While I don’t particularly have much of an opinion on the use of “ontology” or “ontologies” in information sciences, I do think it’s pretty damn ridiculous to presume that computer and/or information sciences give a crap about what philosophers think of their use of the terms. Furthermore, I always get irritated with some pedantic traditionalist purports to suggest despite overwhelming evidence to the contrary that words, their definitions, their use, or their spellings can or should be limited to what was taught while the aforementioned pedant was in grammar [graduate, in this case] school. That kind of normativity serves no purpose. I’m not going to rehearse the argument here. For two wonderfully engaging versions, try the Smithsonian’s recent “Most of What you Think You Know about Grammar is Wrong,” or Stephen Fry’s “Don’t Mind Your Language” set wonderfully in kinetic typography here.
Of course, given that this is an OOQ and not just a ranting about linguistic normativity, let’s get to the point. Despite my snarky mockery of Horowitz’s article, much in philosophy (including much of OOO) is beholden to something like the traditional sub-disciplinary gerrymandering wherein “metaphysics [is] presented as a combination of ontology and epistemology” (p. 5). Now, as anyone who’s read any OOO knows, the innovative move of OOO is to remove epistemology from the equation. Levi Bryant for example offers a wonderful excoriation of epistemology inquiry in his identification of the epistemic fallacy. As he describes it,
What the epistemic fallacy identifies is the fallacy of reducing ontological questions to epistemological questions, or conflating questions of how we know with questions of what beings are. In short, the epistemic fallacy occurs whenever being is reduced to our access to being. Thus, for example, wherever beings are reduced to out impressions or sensations of being, wherever being is reduced to our talk about being, wherever being is reduced to discourses about being, wherever being is reduced to signs through which being is manifest, the epistemic fallacy has been committed. (Bryant 60).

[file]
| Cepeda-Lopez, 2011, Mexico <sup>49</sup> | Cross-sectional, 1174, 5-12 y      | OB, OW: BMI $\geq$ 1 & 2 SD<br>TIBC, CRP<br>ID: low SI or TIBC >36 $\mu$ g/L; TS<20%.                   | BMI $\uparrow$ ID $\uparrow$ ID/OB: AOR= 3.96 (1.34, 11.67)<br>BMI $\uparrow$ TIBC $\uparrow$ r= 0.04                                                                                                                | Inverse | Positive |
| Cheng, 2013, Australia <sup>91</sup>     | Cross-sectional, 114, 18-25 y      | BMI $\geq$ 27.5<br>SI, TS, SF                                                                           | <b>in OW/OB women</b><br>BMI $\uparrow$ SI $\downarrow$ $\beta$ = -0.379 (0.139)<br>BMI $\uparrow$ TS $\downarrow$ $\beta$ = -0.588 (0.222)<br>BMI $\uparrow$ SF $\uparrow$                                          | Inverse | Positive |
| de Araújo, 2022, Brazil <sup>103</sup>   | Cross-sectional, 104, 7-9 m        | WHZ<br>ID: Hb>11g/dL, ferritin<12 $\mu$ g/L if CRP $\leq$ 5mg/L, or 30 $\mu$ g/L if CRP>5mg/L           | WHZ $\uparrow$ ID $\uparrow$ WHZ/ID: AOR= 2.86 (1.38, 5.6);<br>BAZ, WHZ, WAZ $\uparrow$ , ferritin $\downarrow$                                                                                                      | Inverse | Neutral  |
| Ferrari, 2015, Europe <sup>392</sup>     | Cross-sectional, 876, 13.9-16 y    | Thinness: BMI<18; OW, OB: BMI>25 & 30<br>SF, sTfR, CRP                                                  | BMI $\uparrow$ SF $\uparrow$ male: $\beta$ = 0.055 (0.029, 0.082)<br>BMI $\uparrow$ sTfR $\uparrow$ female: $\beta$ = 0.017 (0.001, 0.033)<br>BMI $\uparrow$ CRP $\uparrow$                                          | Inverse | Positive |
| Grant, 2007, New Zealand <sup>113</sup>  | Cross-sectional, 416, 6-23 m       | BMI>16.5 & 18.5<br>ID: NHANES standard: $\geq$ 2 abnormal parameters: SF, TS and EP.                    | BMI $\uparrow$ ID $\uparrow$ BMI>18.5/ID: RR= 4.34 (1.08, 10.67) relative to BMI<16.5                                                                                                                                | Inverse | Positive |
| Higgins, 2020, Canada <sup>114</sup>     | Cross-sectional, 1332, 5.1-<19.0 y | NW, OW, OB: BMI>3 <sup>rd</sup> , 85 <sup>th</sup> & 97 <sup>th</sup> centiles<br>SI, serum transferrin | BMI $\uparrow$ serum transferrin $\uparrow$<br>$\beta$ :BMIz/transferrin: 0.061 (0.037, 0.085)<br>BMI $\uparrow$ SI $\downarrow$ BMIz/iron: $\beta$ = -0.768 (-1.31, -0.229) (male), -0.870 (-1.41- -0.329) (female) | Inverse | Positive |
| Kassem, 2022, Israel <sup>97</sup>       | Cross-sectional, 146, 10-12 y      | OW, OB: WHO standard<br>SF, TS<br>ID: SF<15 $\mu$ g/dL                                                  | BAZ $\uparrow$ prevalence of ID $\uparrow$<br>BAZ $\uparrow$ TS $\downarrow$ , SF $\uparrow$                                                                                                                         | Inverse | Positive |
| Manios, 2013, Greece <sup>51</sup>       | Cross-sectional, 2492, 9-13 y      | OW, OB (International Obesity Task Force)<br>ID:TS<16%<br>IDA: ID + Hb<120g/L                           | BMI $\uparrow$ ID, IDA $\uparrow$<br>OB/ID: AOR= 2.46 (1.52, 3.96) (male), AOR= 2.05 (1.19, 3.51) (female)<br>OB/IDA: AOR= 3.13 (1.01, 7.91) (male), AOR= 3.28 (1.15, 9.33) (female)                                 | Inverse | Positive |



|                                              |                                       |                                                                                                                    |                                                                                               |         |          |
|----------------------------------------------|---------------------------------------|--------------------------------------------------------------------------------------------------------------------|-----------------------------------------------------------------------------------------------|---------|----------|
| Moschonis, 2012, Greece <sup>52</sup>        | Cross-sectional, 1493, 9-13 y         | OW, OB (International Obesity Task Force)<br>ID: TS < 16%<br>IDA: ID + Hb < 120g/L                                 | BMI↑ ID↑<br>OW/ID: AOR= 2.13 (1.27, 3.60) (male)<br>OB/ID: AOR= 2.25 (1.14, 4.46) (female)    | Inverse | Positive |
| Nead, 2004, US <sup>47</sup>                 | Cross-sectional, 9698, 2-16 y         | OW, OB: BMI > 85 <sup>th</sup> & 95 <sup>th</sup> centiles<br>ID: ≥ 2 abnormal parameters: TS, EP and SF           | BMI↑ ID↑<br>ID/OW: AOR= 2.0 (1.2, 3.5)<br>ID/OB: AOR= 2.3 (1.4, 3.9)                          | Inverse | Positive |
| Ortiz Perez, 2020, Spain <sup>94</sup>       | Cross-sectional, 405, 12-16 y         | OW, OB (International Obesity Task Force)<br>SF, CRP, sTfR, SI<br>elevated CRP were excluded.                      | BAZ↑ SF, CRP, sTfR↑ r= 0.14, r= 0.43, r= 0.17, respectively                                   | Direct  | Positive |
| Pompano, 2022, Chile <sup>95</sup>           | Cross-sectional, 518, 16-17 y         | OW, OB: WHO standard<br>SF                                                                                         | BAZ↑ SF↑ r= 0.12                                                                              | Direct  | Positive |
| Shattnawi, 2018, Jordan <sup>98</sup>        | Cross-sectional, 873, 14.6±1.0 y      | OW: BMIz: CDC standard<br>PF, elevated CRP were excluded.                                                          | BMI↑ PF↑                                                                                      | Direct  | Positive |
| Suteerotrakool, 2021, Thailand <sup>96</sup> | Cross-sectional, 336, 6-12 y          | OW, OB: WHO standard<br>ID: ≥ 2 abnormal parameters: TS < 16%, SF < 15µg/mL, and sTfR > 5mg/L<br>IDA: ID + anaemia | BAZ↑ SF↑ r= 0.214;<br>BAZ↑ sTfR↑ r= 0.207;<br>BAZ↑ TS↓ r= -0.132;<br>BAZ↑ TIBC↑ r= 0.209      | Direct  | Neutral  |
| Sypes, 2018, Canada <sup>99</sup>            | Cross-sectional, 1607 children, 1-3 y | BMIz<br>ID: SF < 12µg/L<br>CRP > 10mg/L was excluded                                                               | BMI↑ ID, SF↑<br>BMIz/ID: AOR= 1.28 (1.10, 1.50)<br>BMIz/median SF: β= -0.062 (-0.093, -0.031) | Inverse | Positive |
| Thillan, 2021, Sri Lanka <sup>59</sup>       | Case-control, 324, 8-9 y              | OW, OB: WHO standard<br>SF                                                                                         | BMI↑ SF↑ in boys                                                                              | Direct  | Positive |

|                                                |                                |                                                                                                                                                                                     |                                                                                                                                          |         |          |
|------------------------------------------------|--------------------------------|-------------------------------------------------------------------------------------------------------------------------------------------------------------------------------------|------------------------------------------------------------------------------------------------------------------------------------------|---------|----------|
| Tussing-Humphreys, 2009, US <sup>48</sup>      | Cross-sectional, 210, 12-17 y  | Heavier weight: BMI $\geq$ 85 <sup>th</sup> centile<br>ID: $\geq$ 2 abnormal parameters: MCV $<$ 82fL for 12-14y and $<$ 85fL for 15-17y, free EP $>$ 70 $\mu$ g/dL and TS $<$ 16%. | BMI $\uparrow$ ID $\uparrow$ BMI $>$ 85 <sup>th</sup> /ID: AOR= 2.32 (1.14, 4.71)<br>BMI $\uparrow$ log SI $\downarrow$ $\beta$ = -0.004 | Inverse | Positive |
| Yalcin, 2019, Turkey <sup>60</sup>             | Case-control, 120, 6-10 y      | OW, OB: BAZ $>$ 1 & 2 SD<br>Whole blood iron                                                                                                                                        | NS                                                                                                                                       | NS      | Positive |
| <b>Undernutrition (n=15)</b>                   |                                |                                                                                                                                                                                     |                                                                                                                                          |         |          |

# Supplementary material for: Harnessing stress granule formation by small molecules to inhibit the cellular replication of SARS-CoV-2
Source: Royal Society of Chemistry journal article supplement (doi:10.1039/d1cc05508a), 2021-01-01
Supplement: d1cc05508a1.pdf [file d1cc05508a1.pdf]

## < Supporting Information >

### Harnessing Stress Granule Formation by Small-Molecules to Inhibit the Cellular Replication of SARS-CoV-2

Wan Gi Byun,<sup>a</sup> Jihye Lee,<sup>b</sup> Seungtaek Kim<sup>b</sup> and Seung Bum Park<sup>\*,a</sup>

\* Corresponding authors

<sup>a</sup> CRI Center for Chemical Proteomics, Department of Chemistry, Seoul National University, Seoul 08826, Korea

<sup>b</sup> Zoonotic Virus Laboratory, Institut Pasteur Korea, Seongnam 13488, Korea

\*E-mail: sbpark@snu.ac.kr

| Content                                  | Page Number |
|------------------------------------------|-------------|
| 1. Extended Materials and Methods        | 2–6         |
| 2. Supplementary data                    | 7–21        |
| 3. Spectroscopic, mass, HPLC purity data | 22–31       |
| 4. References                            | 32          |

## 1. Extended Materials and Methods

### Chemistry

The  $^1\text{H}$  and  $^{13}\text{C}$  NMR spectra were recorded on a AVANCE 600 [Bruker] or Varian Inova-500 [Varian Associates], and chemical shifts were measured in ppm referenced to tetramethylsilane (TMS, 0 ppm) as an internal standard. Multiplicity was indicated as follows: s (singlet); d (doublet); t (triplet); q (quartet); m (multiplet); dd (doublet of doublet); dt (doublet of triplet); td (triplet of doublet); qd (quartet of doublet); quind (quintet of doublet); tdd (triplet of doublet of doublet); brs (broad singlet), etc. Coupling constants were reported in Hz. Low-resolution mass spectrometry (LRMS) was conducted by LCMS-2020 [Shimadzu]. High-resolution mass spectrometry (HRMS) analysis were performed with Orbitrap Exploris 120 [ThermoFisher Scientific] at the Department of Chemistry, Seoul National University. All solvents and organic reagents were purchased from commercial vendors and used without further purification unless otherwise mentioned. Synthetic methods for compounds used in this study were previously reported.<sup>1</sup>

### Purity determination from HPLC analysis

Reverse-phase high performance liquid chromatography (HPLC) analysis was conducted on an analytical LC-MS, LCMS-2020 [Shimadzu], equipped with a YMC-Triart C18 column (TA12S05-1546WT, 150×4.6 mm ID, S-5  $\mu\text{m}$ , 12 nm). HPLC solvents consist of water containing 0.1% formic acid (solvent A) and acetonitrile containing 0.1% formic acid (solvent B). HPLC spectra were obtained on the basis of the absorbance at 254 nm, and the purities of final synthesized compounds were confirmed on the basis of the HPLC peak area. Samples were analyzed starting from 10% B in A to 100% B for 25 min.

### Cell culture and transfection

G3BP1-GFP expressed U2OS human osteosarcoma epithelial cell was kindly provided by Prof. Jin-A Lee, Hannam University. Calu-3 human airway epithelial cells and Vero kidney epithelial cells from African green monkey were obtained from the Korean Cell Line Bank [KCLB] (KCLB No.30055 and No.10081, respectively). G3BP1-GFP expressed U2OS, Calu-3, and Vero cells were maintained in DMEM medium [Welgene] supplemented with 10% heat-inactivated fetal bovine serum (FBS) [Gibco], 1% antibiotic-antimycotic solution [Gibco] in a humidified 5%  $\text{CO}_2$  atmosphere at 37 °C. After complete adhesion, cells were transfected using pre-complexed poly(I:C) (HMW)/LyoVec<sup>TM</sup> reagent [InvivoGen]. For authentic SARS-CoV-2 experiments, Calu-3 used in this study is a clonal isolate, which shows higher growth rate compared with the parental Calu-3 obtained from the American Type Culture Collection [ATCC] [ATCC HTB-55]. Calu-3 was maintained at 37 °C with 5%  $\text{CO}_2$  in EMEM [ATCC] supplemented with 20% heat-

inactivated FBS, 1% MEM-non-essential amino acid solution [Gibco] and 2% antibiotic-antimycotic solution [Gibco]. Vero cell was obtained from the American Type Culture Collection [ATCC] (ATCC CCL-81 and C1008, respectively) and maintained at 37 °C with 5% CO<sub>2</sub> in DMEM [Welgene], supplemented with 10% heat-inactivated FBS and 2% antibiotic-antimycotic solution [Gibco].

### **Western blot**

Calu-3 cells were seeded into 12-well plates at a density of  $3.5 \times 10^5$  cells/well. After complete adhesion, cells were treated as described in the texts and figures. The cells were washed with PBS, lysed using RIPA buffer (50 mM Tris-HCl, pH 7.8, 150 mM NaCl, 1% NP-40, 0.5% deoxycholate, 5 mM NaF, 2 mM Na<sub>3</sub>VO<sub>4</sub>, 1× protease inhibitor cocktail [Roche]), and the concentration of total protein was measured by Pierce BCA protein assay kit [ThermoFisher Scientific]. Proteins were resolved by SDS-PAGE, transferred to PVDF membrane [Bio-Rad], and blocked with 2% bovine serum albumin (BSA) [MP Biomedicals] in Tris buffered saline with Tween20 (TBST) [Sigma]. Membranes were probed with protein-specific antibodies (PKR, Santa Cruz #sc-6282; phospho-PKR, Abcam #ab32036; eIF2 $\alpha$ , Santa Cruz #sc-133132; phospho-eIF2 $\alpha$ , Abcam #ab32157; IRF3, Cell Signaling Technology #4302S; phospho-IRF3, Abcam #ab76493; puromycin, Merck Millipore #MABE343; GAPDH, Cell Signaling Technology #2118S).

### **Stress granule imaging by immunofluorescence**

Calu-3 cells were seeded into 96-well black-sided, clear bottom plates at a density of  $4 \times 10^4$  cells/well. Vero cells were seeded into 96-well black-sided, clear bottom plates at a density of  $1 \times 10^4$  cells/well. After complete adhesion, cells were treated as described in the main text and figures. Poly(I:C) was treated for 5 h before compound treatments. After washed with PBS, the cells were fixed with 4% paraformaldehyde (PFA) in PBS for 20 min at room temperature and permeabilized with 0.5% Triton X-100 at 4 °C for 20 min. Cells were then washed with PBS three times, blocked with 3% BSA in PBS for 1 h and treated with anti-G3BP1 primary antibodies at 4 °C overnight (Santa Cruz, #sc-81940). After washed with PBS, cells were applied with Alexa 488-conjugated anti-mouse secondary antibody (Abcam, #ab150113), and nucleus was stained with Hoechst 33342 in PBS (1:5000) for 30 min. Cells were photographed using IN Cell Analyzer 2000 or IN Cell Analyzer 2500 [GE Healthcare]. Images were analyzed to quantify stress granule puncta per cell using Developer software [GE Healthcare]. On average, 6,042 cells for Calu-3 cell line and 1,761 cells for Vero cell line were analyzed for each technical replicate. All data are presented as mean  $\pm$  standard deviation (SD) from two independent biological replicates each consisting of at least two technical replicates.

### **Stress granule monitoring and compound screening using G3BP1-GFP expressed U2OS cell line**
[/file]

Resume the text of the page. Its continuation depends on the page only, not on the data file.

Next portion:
Graham Harmon, Andrew Pickering, Annmarie Mol, Ian Bogost, and many others all offer similar critiques of epistemology and in so doing argue (convincingly) that most of the history of Western philosophy has been plagued by an epistemological focus that reduces inquiry into reality questions about access to reality.
My quibble and key point: by maintaining a vision of ontology as subsidiary to metaphysics, OOO fails to escape the problem of access. Harman’s distinction between real and sensual objects, Bryant’s bifurcation between endo- and exo-qualities all presuppose (even when they claim not to presuppose) some sort of reference object (although a nonhuman reference object) on which sense impressions/ perturbations can land and be registered as qualities/information/sensual inputs. I would argue that these distinctions (endo/exo//real/sensual) are the manifestations of the traditional concern with metaphysics and its never-ending inquiry into essences and accidents. In subordinating ontology to metaphysics, ontology is always about the stuff of reality.